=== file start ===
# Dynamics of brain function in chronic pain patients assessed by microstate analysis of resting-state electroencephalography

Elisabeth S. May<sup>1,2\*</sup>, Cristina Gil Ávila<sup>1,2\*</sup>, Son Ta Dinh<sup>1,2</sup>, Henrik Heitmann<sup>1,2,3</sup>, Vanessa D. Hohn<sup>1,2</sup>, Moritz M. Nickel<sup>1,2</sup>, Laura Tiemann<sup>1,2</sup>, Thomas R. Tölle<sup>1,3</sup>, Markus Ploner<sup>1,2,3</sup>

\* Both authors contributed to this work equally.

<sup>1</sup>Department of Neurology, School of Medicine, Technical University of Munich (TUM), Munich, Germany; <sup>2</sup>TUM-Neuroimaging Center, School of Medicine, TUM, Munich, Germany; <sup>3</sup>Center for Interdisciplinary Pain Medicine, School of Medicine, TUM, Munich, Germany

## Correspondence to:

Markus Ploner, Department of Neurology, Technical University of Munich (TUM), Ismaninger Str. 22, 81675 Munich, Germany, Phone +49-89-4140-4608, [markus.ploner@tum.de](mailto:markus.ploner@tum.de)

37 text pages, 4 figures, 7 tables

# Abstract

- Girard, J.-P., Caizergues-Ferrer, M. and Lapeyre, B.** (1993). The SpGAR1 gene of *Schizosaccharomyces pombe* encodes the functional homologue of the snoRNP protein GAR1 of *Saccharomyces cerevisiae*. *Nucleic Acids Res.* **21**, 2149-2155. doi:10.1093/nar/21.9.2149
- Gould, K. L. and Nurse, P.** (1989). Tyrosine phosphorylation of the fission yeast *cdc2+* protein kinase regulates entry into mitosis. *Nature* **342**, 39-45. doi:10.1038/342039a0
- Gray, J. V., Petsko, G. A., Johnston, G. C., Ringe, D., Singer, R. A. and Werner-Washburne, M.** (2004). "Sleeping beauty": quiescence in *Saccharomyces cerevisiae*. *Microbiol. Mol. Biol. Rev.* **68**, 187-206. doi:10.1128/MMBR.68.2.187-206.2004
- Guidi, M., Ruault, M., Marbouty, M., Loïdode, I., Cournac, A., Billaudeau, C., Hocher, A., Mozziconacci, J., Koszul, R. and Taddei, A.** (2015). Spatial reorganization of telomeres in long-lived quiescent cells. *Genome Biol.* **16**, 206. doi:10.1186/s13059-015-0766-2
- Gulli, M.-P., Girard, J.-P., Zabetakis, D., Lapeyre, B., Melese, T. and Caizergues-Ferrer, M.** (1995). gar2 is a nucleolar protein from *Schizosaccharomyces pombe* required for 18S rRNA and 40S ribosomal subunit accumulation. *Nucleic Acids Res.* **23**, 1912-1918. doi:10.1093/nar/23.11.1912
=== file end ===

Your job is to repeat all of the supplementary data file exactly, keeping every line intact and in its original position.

# Dynamics of brain function in chronic pain patients assessed by microstate analysis of resting-state electroencephalography

Elisabeth S. May<sup>1,2\*</sup>, Cristina Gil Ávila<sup>1,2\*</sup>, Son Ta Dinh<sup>1,2</sup>, Henrik Heitmann<sup>1,2,3</sup>, Vanessa D. Hohn<sup>1,2</sup>, Moritz M. Nickel<sup>1,2</sup>, Laura Tiemann<sup>1,2</sup>, Thomas R. Tölle<sup>1,3</sup>, Markus Ploner<sup>1,2,3</sup>

\* Both authors contributed to this work equally.

<sup>1</sup>Department of Neurology, School of Medicine, Technical University of Munich (TUM), Munich, Germany; <sup>2</sup>TUM-Neuroimaging Center, School of Medicine, TUM, Munich, Germany; <sup>3</sup>Center for Interdisciplinary Pain Medicine, School of Medicine, TUM, Munich, Germany

## Correspondence to:

Markus Ploner, Department of Neurology, Technical University of Munich (TUM), Ismaninger Str. 22, 81675 Munich, Germany, Phone +49-89-4140-4608, [markus.ploner@tum.de](mailto:markus.ploner@tum.de)

37 text pages, 4 figures, 7 tables

# Abstract

- Girard, J.-P., Caizergues-Ferrer, M. and Lapeyre, B.** (1993). The SpGAR1 gene of *Schizosaccharomyces pombe* encodes the functional homologue of the snoRNP protein GAR1 of *Saccharomyces cerevisiae*. *Nucleic Acids Res.* **21**, 2149-2155. doi:10.1093/nar/21.9.2149
- Gould, K. L. and Nurse, P.** (1989). Tyrosine phosphorylation of the fission yeast *cdc2+* protein kinase regulates entry into mitosis. *Nature* **342**, 39-45. doi:10.1038/342039a0
- Gray, J. V., Petsko, G. A., Johnston, G. C., Ringe, D., Singer, R. A. and Werner-Washburne, M.** (2004). "Sleeping beauty": quiescence in *Saccharomyces cerevisiae*. *Microbiol. Mol. Biol. Rev.* **68**, 187-206. doi:10.1128/MMBR.68.2.187-206.2004
- Guidi, M., Ruault, M., Marbouty, M., Loïdode, I., Cournac, A., Billaudeau, C., Hocher, A., Mozziconacci, J., Koszul, R. and Taddei, A.** (2015). Spatial reorganization of telomeres in long-lived quiescent cells. *Genome Biol.* **16**, 206. doi:10.1186/s13059-015-0766-2
- Gulli, M.-P., Girard, J.-P., Zabetakis, D., Lapeyre, B., Melese, T. and Caizergues-Ferrer, M.** (1995). gar2 is a nucleolar protein from *Schizosaccharomyces pombe* required for 18S rRNA and 40S ribosomal subunit accumulation. *Nucleic Acids Res.* **23**, 1912-1918. doi:10.1093/nar/23.11.1912